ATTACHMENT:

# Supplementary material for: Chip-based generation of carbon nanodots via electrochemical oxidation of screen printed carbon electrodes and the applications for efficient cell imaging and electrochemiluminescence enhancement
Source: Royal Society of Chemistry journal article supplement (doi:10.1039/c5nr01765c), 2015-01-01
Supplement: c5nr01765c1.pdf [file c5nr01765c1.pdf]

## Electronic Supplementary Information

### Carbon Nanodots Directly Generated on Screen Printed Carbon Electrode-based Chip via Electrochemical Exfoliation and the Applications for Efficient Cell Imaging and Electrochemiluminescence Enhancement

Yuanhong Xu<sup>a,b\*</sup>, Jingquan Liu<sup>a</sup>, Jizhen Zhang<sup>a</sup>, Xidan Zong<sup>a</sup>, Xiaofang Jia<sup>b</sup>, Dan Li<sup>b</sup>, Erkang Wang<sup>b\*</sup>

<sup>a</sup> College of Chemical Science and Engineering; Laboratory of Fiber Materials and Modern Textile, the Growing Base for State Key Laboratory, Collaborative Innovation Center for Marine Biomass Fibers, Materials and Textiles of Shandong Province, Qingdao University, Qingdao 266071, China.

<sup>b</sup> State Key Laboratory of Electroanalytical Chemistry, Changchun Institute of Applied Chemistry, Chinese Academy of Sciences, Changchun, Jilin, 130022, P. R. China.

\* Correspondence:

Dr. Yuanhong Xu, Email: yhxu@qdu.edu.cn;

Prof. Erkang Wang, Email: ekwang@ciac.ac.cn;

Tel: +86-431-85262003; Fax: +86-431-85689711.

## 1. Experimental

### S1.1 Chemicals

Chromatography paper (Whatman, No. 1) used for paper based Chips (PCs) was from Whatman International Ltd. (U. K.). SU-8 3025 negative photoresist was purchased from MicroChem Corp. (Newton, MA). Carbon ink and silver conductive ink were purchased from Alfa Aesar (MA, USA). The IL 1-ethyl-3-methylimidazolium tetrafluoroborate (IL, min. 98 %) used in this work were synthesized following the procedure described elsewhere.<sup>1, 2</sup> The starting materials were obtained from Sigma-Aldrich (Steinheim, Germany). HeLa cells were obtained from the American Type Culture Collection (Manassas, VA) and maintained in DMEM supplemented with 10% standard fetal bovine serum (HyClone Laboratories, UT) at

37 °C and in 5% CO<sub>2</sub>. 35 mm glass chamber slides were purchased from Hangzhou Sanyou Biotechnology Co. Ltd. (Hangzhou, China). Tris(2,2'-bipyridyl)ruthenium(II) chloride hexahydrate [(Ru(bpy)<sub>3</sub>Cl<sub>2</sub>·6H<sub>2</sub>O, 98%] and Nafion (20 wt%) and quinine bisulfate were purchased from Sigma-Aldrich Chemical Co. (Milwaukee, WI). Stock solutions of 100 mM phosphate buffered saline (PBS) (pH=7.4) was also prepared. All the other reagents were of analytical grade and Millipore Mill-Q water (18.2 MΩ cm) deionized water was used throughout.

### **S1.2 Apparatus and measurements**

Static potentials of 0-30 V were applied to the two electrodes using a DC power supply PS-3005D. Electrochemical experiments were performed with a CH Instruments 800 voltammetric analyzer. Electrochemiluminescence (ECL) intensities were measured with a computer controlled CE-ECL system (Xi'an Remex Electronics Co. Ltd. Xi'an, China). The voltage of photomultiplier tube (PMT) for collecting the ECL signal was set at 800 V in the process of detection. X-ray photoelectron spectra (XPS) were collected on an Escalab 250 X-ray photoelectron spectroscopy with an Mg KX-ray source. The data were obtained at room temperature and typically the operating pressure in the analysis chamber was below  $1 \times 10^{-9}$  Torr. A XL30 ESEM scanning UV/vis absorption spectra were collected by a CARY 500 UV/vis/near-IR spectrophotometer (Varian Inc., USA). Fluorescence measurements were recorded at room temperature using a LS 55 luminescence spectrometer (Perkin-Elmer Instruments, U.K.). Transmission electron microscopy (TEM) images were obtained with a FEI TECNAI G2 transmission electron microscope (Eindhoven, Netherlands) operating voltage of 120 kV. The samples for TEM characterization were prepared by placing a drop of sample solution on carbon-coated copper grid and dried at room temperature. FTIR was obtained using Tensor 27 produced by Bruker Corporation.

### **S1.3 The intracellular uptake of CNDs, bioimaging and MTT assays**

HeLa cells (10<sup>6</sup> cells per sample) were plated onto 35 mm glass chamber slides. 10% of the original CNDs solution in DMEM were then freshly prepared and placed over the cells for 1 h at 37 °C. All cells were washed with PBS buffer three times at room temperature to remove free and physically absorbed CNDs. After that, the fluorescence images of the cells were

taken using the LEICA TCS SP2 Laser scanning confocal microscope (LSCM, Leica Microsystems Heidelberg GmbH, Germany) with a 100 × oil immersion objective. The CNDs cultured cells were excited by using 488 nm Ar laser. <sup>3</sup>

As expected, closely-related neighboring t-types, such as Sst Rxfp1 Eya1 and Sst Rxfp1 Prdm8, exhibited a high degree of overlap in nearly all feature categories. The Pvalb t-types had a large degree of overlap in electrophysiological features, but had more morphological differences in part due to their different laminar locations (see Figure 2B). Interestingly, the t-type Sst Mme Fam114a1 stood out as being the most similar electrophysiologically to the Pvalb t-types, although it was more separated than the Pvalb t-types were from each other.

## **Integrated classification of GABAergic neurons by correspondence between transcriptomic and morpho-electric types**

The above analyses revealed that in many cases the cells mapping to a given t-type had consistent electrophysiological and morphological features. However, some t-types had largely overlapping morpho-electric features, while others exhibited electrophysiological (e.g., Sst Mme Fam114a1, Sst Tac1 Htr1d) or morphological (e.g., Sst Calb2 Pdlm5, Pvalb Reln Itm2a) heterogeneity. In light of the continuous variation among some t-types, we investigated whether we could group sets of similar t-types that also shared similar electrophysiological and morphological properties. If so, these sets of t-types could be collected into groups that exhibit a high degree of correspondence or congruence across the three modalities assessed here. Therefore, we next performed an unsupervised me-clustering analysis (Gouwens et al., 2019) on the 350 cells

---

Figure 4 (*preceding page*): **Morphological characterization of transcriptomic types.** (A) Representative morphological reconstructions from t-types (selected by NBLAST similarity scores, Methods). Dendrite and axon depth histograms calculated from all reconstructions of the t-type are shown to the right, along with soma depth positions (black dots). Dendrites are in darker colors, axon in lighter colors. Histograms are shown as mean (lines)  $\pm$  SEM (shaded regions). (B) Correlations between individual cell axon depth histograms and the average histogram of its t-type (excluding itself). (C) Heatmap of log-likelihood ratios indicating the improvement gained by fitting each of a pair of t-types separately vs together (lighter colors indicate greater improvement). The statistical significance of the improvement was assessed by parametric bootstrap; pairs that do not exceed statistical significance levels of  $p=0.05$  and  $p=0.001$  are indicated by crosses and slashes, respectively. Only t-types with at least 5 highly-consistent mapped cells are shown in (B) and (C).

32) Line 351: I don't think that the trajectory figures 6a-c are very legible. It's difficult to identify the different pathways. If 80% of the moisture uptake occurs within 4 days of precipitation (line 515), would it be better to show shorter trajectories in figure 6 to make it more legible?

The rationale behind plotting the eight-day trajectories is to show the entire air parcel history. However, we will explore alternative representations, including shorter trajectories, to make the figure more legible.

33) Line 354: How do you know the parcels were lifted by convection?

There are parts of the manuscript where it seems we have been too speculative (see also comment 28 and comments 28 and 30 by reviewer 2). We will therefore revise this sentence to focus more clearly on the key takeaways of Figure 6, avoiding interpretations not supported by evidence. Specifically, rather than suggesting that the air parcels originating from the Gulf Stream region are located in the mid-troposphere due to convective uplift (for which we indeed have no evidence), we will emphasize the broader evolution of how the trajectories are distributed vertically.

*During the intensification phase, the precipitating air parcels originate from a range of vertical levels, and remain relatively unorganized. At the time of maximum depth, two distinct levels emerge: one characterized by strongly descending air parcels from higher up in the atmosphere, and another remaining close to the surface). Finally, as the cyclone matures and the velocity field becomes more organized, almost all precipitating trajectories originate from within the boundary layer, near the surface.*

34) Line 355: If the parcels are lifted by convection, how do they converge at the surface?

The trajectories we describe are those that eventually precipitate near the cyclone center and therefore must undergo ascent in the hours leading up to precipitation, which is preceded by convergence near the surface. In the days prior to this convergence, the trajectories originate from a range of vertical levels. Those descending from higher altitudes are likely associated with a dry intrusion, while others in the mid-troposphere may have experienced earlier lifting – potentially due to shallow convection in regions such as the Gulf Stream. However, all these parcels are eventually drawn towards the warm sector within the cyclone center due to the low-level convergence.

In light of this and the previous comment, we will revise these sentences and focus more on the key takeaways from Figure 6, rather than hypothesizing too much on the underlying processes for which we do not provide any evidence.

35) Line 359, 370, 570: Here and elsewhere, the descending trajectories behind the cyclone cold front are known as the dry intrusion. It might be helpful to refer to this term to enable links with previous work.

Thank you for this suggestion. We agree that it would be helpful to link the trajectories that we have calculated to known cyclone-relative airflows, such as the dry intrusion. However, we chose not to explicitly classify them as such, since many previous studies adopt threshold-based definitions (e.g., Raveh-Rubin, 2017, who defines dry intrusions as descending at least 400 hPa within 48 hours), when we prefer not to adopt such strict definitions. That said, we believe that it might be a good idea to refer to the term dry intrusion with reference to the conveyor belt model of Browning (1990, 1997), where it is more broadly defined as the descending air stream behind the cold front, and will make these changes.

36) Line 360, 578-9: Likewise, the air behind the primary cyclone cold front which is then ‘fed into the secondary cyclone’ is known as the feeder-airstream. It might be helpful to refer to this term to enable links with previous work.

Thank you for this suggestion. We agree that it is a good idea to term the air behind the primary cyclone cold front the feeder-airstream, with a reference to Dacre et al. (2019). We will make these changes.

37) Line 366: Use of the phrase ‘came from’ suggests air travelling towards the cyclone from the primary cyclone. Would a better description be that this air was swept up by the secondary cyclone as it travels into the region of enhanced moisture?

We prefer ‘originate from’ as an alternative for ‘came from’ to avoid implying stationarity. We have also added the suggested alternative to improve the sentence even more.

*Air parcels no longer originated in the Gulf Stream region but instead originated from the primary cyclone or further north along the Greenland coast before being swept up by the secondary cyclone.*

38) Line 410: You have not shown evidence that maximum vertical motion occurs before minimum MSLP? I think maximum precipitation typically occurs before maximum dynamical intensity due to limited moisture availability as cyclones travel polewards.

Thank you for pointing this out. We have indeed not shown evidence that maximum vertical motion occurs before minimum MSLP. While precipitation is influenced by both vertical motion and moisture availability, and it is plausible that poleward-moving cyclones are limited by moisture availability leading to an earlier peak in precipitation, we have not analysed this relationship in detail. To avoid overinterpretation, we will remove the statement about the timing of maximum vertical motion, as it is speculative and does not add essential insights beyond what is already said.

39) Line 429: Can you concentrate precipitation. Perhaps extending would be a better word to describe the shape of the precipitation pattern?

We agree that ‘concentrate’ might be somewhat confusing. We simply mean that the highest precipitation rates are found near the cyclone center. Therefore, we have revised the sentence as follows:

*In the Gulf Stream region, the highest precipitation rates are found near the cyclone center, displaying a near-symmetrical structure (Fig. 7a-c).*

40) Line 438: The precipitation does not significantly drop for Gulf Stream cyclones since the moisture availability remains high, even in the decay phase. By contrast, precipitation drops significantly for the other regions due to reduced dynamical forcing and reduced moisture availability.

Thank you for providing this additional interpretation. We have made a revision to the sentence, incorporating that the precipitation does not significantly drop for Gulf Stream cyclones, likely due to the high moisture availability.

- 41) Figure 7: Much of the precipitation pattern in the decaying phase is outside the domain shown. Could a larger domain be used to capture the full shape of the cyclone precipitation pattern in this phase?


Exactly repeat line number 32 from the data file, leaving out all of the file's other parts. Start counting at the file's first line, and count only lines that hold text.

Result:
34) Line 355: If the parcels are lifted by convection, how do they converge at the surface?